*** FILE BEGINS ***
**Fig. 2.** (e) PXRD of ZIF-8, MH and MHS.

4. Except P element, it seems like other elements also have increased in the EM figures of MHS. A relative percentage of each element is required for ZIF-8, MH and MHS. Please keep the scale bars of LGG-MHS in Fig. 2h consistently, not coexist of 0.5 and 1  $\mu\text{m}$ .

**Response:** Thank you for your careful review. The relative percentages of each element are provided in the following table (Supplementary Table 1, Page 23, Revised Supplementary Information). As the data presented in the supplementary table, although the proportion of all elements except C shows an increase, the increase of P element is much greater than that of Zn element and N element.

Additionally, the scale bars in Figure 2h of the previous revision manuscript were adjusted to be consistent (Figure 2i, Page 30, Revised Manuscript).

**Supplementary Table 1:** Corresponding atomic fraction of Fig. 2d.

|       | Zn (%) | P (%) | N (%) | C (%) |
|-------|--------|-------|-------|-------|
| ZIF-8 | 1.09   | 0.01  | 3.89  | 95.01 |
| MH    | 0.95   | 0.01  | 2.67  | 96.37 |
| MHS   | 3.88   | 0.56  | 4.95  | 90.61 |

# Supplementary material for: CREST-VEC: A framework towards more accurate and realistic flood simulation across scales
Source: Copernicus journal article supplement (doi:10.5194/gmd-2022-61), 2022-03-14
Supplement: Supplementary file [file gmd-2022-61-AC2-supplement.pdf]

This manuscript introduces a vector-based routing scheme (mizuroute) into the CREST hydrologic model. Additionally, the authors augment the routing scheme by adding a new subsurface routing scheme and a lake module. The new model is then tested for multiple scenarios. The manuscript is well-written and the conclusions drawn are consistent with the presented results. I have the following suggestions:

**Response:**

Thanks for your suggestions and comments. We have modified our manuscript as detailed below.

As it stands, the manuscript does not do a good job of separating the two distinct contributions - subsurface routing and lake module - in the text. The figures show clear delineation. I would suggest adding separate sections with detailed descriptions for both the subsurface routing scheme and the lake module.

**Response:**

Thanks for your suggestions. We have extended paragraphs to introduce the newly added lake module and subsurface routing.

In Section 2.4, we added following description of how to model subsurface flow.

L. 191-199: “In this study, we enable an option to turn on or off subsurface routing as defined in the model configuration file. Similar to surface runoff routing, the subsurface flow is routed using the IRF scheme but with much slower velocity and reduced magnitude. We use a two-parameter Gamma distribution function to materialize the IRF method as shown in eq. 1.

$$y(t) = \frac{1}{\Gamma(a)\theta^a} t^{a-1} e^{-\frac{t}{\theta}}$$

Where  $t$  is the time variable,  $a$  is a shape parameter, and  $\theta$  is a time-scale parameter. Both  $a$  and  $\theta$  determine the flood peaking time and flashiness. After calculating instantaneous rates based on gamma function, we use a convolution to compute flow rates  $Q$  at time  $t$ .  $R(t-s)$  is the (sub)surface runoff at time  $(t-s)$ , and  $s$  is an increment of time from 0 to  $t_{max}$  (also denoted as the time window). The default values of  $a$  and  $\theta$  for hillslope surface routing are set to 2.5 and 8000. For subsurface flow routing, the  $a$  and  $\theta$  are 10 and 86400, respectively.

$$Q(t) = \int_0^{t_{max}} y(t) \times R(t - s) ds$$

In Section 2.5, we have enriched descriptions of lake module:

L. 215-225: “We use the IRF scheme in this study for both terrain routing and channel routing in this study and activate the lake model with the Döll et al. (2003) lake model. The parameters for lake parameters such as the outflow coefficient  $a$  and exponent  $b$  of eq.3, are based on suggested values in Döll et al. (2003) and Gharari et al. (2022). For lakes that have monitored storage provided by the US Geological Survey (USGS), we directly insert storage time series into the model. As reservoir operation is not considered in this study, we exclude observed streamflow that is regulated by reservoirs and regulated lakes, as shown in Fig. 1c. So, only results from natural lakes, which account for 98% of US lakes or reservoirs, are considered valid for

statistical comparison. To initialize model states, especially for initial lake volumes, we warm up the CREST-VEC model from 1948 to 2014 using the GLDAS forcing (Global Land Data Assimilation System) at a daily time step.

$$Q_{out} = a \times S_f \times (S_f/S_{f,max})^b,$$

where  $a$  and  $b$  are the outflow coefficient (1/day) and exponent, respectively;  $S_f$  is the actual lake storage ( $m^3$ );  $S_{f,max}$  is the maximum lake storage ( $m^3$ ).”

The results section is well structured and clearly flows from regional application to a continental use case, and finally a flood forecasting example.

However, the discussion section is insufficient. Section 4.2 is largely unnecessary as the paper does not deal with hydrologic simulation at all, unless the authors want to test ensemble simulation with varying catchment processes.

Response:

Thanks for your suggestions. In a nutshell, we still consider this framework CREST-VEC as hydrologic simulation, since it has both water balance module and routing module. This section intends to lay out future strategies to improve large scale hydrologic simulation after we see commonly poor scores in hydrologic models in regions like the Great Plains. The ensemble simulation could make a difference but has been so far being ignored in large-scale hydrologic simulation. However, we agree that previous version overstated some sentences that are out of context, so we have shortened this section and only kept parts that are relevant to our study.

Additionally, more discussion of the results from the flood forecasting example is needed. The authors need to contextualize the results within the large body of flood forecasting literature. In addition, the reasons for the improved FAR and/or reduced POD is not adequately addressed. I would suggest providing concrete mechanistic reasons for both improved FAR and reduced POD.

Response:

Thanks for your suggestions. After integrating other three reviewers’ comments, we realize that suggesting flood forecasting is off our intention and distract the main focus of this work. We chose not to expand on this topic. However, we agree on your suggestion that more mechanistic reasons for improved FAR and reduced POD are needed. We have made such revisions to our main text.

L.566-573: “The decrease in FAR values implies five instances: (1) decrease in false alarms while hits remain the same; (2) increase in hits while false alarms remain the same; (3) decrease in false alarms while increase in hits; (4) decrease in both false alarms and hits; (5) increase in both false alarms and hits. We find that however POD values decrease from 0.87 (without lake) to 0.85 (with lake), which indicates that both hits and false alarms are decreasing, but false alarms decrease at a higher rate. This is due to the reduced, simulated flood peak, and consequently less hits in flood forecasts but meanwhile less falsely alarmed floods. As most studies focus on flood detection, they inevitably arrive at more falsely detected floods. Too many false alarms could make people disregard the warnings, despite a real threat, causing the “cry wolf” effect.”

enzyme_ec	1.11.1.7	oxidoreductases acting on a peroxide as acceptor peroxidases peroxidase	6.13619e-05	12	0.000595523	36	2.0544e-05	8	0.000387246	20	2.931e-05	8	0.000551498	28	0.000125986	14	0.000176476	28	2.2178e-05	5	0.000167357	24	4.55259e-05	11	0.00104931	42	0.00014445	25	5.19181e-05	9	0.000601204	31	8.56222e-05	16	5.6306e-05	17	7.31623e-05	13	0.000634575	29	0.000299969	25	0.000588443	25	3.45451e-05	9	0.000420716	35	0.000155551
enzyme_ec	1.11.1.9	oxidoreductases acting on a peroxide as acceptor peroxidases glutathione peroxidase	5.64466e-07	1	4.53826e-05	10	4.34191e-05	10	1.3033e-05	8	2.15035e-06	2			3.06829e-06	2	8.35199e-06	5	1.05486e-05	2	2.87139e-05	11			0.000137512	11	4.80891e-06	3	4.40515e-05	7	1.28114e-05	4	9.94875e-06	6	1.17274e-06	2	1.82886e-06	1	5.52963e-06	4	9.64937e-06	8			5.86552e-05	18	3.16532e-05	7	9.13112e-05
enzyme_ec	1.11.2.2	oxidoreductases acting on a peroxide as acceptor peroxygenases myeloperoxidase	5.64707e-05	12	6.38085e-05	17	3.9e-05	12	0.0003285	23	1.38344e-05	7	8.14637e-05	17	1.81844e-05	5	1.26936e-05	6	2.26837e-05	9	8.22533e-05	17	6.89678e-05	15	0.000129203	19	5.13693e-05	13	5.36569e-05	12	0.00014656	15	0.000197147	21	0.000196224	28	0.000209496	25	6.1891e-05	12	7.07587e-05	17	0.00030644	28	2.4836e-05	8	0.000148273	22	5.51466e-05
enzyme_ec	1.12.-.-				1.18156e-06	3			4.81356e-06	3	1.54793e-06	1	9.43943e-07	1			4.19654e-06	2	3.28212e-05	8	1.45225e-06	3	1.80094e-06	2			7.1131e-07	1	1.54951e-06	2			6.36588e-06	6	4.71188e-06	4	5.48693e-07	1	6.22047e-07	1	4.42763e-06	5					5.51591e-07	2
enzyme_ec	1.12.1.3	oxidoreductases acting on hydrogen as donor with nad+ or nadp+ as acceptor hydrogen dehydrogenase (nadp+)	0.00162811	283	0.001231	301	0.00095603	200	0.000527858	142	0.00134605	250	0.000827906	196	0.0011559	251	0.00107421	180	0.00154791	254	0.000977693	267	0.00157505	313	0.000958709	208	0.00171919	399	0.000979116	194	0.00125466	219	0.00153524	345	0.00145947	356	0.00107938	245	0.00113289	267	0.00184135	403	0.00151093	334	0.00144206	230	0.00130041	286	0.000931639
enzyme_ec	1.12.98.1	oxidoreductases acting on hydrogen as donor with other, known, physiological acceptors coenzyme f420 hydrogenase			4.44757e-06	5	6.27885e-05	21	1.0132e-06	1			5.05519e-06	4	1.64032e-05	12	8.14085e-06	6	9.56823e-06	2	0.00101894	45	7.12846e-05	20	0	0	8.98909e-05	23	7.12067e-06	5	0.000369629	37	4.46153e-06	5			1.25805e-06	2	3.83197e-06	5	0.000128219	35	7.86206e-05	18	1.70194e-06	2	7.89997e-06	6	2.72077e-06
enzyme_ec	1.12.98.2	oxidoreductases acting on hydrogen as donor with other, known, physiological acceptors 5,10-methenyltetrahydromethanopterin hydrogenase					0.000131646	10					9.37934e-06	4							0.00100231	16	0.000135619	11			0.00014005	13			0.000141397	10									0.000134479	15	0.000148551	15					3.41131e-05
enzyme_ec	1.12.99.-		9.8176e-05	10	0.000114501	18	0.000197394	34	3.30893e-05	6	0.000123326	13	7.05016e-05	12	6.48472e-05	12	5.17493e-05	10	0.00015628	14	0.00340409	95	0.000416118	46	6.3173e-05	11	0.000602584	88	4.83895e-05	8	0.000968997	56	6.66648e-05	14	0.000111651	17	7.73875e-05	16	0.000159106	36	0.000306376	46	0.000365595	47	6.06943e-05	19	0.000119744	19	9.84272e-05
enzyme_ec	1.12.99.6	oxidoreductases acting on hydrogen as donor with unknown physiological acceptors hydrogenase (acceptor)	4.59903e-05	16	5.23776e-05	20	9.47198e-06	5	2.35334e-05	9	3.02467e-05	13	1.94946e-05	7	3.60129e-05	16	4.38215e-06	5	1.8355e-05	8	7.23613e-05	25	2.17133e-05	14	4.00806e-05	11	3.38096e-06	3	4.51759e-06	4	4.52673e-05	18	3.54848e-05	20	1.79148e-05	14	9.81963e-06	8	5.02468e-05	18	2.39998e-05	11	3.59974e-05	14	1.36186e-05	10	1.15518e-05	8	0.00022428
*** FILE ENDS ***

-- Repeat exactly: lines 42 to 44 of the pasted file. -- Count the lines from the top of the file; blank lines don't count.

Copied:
enzyme_ec	1.12.1.3	oxidoreductases acting on hydrogen as donor with nad+ or nadp+ as acceptor hydrogen dehydrogenase (nadp+)	0.00162811	283	0.001231	301	0.00095603	200	0.000527858	142	0.00134605	250	0.000827906	196	0.0011559	251	0.00107421	180	0.00154791	254	0.000977693	267	0.00157505	313	0.000958709	208	0.00171919	399	0.000979116	194	0.00125466	219	0.00153524	345	0.00145947	356	0.00107938	245	0.00113289	267	0.00184135	403	0.00151093	334	0.00144206	230	0.00130041	286	0.000931639
enzyme_ec	1.12.98.1	oxidoreductases acting on hydrogen as donor with other, known, physiological acceptors coenzyme f420 hydrogenase			4.44757e-06	5	6.27885e-05	21	1.0132e-06	1			5.05519e-06	4	1.64032e-05	12	8.14085e-06	6	9.56823e-06	2	0.00101894	45	7.12846e-05	20	0	0	8.98909e-05	23	7.12067e-06	5	0.000369629	37	4.46153e-06	5			1.25805e-06	2	3.83197e-06	5	0.000128219	35	7.86206e-05	18	1.70194e-06	2	7.89997e-06	6	2.72077e-06
enzyme_ec	1.12.98.2	oxidoreductases acting on hydrogen as donor with other, known, physiological acceptors 5,10-methenyltetrahydromethanopterin hydrogenase					0.000131646	10					9.37934e-06	4							0.00100231	16	0.000135619	11			0.00014005	13			0.000141397	10									0.000134479	15	0.000148551	15					3.41131e-05